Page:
In a previous job with a Fortune 500 company, the HR team conducted an experiment. They sent 2 CV’s for the same job description for a fitment check. The interesting part of the experiment was that the CV actually belonged to the same person…the name on one CV was male and on the other was female. The fitment results for the CV which had the male name was much higher than the CV that had the female name.

The audience that these CV’s had been floated to did not think they had a gender bias. It was an eye opener for them too. This set me thinking and I thought we should dedicate our next series on LinkedIn to gender empowerment and gender biases.

Trust you will enjoy this series….it was fascinating for us to put it together.

Push Vs Pull- Steering the ship of Learning – Part 2

In the first part of this series we tried to make sense of push learning and ways in which it impacts learning. In this second part let us hash out Pull learning.

In this learning approach, companies provide a host of online learning, MOOC’s and LMS based trainings where the onus lies with the employee to up skill himself. It is a more decentralized bottom- up approach, where access to information is easy and almost instant.

Several organizations profess that this is the new age and cost efficient methodology of learning. Here, organizations strive to provide content to employees in the most easy to use and learner centric ways and employees can, at will, opt-in for such programs. Diverse yet relevant information is available as are the tools to assimilate them. It also goes a step further and allows employees to test themselves and evaluate learning. Organizations drive learning through these digital platforms and strive to create traction towards these learning methodologies.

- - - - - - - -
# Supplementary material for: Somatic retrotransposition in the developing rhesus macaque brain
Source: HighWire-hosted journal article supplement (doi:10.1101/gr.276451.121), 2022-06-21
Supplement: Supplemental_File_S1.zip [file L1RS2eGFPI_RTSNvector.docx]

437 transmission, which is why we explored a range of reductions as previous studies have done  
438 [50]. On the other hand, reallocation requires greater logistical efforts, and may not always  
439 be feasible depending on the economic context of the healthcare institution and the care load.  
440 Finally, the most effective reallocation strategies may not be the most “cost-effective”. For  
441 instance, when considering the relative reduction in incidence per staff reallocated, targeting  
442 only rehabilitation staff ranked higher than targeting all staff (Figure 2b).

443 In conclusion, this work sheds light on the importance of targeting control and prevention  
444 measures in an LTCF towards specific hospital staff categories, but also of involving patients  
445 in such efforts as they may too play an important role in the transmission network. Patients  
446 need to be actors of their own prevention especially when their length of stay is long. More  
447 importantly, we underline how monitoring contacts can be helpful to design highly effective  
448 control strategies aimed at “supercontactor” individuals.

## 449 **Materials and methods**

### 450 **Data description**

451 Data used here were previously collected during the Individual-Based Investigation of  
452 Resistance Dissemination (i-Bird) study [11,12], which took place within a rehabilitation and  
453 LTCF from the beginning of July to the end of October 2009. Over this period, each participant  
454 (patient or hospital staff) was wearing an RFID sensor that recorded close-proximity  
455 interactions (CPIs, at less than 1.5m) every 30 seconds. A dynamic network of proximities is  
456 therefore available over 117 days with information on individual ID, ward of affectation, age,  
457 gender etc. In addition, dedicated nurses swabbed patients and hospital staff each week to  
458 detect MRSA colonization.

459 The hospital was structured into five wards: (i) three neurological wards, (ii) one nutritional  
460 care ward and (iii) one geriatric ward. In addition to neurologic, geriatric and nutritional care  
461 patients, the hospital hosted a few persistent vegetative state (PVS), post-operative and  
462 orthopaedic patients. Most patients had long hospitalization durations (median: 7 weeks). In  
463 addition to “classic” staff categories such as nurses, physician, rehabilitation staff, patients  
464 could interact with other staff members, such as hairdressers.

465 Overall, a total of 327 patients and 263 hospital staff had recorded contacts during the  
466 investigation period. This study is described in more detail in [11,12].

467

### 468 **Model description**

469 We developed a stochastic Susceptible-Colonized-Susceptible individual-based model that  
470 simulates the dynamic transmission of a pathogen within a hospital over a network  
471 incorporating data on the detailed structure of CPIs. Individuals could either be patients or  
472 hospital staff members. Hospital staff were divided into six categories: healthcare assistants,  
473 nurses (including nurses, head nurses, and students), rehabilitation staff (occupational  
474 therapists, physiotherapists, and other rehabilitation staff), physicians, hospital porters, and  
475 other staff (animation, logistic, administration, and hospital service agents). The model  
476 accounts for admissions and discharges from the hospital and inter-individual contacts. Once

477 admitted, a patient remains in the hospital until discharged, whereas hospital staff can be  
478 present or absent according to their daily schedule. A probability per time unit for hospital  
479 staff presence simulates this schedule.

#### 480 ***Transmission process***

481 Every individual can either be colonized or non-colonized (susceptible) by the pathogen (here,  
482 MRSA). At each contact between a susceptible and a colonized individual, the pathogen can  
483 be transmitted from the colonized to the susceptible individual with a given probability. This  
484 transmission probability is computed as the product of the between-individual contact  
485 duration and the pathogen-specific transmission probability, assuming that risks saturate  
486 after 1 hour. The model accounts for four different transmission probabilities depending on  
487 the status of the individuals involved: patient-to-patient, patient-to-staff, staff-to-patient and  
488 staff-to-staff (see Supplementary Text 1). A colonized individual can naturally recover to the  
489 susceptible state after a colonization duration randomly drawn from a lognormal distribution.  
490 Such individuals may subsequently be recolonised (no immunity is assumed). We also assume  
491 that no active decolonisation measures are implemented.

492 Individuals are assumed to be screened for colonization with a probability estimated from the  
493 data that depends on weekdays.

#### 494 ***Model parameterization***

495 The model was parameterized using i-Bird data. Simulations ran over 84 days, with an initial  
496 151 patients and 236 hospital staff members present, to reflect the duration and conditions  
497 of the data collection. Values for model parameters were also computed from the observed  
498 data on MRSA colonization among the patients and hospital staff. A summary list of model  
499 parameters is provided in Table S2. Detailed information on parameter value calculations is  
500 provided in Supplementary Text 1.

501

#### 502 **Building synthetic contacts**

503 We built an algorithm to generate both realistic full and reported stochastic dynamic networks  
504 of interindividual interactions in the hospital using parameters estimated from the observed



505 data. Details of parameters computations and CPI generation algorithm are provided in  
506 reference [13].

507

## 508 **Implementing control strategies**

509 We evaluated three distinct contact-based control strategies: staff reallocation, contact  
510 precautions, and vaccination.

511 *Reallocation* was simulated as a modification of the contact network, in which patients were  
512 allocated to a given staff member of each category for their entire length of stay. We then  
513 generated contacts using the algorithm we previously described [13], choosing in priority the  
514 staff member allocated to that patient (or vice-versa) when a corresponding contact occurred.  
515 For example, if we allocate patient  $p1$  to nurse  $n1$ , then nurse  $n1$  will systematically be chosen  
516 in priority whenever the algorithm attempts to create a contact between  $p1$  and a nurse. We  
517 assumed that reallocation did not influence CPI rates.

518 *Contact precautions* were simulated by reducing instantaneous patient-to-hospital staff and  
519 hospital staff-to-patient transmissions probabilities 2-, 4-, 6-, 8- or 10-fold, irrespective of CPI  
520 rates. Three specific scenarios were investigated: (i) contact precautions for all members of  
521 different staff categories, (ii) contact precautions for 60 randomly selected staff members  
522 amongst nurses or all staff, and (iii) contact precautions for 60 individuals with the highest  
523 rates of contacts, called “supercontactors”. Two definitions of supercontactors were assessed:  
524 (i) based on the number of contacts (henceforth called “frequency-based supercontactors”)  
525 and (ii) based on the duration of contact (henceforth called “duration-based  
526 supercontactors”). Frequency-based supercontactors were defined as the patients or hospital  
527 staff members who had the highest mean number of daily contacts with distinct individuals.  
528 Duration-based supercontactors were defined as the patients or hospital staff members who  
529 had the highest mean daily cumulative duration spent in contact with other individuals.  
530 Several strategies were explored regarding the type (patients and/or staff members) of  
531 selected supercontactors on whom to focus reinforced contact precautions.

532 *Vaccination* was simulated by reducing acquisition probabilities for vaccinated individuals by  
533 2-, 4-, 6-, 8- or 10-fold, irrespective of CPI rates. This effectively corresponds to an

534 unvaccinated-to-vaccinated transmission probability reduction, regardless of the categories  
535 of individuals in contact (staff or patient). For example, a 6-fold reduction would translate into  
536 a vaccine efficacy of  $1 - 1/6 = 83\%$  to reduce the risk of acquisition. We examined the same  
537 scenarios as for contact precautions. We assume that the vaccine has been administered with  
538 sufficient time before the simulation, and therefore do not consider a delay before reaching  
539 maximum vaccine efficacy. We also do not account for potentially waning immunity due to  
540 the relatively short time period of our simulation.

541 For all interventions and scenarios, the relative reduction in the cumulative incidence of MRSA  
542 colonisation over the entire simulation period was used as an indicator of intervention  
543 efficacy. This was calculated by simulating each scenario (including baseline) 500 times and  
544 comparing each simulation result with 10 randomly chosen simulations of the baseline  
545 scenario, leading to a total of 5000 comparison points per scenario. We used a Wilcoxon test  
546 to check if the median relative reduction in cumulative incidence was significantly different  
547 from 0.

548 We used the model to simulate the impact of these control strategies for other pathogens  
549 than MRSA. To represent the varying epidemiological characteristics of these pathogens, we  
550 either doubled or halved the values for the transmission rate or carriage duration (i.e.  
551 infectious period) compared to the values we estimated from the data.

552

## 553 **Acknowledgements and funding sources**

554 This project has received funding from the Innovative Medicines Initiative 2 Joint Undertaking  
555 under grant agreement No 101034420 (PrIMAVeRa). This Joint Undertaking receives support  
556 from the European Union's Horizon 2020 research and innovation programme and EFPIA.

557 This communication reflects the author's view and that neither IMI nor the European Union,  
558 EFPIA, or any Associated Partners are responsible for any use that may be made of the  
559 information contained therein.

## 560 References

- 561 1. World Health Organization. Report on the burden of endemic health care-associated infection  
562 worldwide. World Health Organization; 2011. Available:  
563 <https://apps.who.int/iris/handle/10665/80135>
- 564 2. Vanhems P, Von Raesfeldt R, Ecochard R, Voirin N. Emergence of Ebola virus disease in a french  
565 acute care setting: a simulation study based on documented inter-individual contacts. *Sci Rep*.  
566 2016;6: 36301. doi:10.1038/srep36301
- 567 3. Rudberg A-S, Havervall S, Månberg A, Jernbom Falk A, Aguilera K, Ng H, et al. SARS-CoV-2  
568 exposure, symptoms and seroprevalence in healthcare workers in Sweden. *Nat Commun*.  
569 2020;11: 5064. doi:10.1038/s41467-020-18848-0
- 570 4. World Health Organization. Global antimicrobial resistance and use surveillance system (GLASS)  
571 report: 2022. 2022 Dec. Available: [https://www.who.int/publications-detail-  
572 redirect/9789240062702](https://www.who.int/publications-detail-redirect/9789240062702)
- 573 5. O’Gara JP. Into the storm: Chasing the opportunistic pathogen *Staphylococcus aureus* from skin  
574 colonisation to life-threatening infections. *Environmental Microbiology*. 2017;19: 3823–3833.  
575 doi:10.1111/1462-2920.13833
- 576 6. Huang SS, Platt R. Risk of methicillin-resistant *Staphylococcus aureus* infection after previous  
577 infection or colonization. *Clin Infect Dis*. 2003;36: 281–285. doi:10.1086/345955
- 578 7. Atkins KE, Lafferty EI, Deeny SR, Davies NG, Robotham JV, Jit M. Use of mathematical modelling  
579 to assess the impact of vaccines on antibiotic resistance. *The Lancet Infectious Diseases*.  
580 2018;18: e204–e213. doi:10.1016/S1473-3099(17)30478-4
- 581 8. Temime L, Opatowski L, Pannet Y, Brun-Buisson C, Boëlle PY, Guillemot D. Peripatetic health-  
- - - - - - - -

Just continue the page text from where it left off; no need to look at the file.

In today’s age, knowledge is no longer at a premium. Unlike the pre-internet era, one no longer needs a trainer/teacher/guru or mentor to learn first hand from. All you need is a device. But the question remains, despite all the knowledge available why is there a deep lacuna in both skills and behaviours that are required of each contributing individual?

Investments in digital learning platforms and e-learning do not ensure that learning happens within the organization.

Much like the new age schooling system which is child centric and one where the child learns at his/ her own pace, the question to be asked is, how prepared and equipped are they to face the harsh realities of the competitive world? Similarly, in the corporate world, how well can they surf the fast paced technology tide? Is every employee attuned to the changing landscape and aware of specifically what skills he needs not just to surf the tide but to stand out amidst the several thousand surfers?

While his organization may be agile enough to embrace new business models and technologies, how deep are the ravines separating his current knowledge( and skills) and the desired knowledge( and skills) ? How long is the bridge over these ravines and how long would it take him to cross it?

Push Vs Pull – Who calls the shots?

Given that neither of the two approaches to learning are bereft of pitfalls, we have come to believe that organizations must have a multi-pronged and layered approach to learning. Learning and development teams shoulder the responsibility of creating a learning strategy which is in line with their organizational goals. They bring to this task a deep understanding of the capabilities and skills that an organization needs to successfully execute their business plans and achieve their performance goals. They must put their employees in the forefront and make them active drivers of the learning experience. They need to become facilitators of learning and curators of content, deciding which skill and behaviours must be pushed onto the employees but strive to establish processes to get employee buy in’s to learning, thus moving it into the realm of pull learning. This is further fortified by embracing leader-led training and subject-matter authored content and creating a culture of social and collaborative learning into every program.

L & D Teams are required to captain the ship of learning – Keep an eye on the compass and make sure that the organization and its workforce are headed in the right direction. They also ensure that the rudder are constantly churning the minds of it employees, fuelling their career goals, leaving no room for complacency and steering them towards their own growth and development and, in turn, that of the organization.